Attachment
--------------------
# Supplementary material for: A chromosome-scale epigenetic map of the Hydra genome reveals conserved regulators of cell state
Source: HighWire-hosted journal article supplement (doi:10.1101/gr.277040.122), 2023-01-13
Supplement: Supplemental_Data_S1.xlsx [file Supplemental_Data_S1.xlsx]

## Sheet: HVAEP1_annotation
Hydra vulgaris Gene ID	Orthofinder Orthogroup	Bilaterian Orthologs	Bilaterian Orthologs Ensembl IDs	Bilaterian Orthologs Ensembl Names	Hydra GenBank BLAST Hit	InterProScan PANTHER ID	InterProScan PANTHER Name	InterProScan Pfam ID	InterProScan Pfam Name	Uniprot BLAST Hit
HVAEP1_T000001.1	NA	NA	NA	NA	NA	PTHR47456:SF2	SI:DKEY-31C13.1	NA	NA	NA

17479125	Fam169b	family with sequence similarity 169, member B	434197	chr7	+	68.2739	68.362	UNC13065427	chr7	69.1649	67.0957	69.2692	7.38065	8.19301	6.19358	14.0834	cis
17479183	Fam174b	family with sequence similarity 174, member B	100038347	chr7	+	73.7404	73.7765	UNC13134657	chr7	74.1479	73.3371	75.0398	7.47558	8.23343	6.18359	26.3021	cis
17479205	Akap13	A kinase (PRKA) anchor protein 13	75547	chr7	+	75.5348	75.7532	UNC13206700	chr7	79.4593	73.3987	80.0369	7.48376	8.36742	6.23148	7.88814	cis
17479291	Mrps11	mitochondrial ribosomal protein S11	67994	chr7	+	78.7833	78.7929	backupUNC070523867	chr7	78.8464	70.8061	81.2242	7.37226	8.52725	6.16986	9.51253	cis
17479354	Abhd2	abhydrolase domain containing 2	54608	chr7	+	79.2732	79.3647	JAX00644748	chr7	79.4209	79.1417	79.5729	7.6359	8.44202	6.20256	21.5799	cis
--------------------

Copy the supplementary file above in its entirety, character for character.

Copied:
# Supplementary material for: A chromosome-scale epigenetic map of the Hydra genome reveals conserved regulators of cell state
Source: HighWire-hosted journal article supplement (doi:10.1101/gr.277040.122), 2023-01-13
Supplement: Supplemental_Data_S1.xlsx [file Supplemental_Data_S1.xlsx]

## Sheet: HVAEP1_annotation
Hydra vulgaris Gene ID	Orthofinder Orthogroup	Bilaterian Orthologs	Bilaterian Orthologs Ensembl IDs	Bilaterian Orthologs Ensembl Names	Hydra GenBank BLAST Hit	InterProScan PANTHER ID	InterProScan PANTHER Name	InterProScan Pfam ID	InterProScan Pfam Name	Uniprot BLAST Hit
HVAEP1_T000001.1	NA	NA	NA	NA	NA	PTHR47456:SF2	SI:DKEY-31C13.1	NA	NA	NA

17479125	Fam169b	family with sequence similarity 169, member B	434197	chr7	+	68.2739	68.362	UNC13065427	chr7	69.1649	67.0957	69.2692	7.38065	8.19301	6.19358	14.0834	cis
17479183	Fam174b	family with sequence similarity 174, member B	100038347	chr7	+	73.7404	73.7765	UNC13134657	chr7	74.1479	73.3371	75.0398	7.47558	8.23343	6.18359	26.3021	cis
17479205	Akap13	A kinase (PRKA) anchor protein 13	75547	chr7	+	75.5348	75.7532	UNC13206700	chr7	79.4593	73.3987	80.0369	7.48376	8.36742	6.23148	7.88814	cis
17479291	Mrps11	mitochondrial ribosomal protein S11	67994	chr7	+	78.7833	78.7929	backupUNC070523867	chr7	78.8464	70.8061	81.2242	7.37226	8.52725	6.16986	9.51253	cis
17479354	Abhd2	abhydrolase domain containing 2	54608	chr7	+	79.2732	79.3647	JAX00644748	chr7	79.4209	79.1417	79.5729	7.6359	8.44202	6.20256	21.5799	cis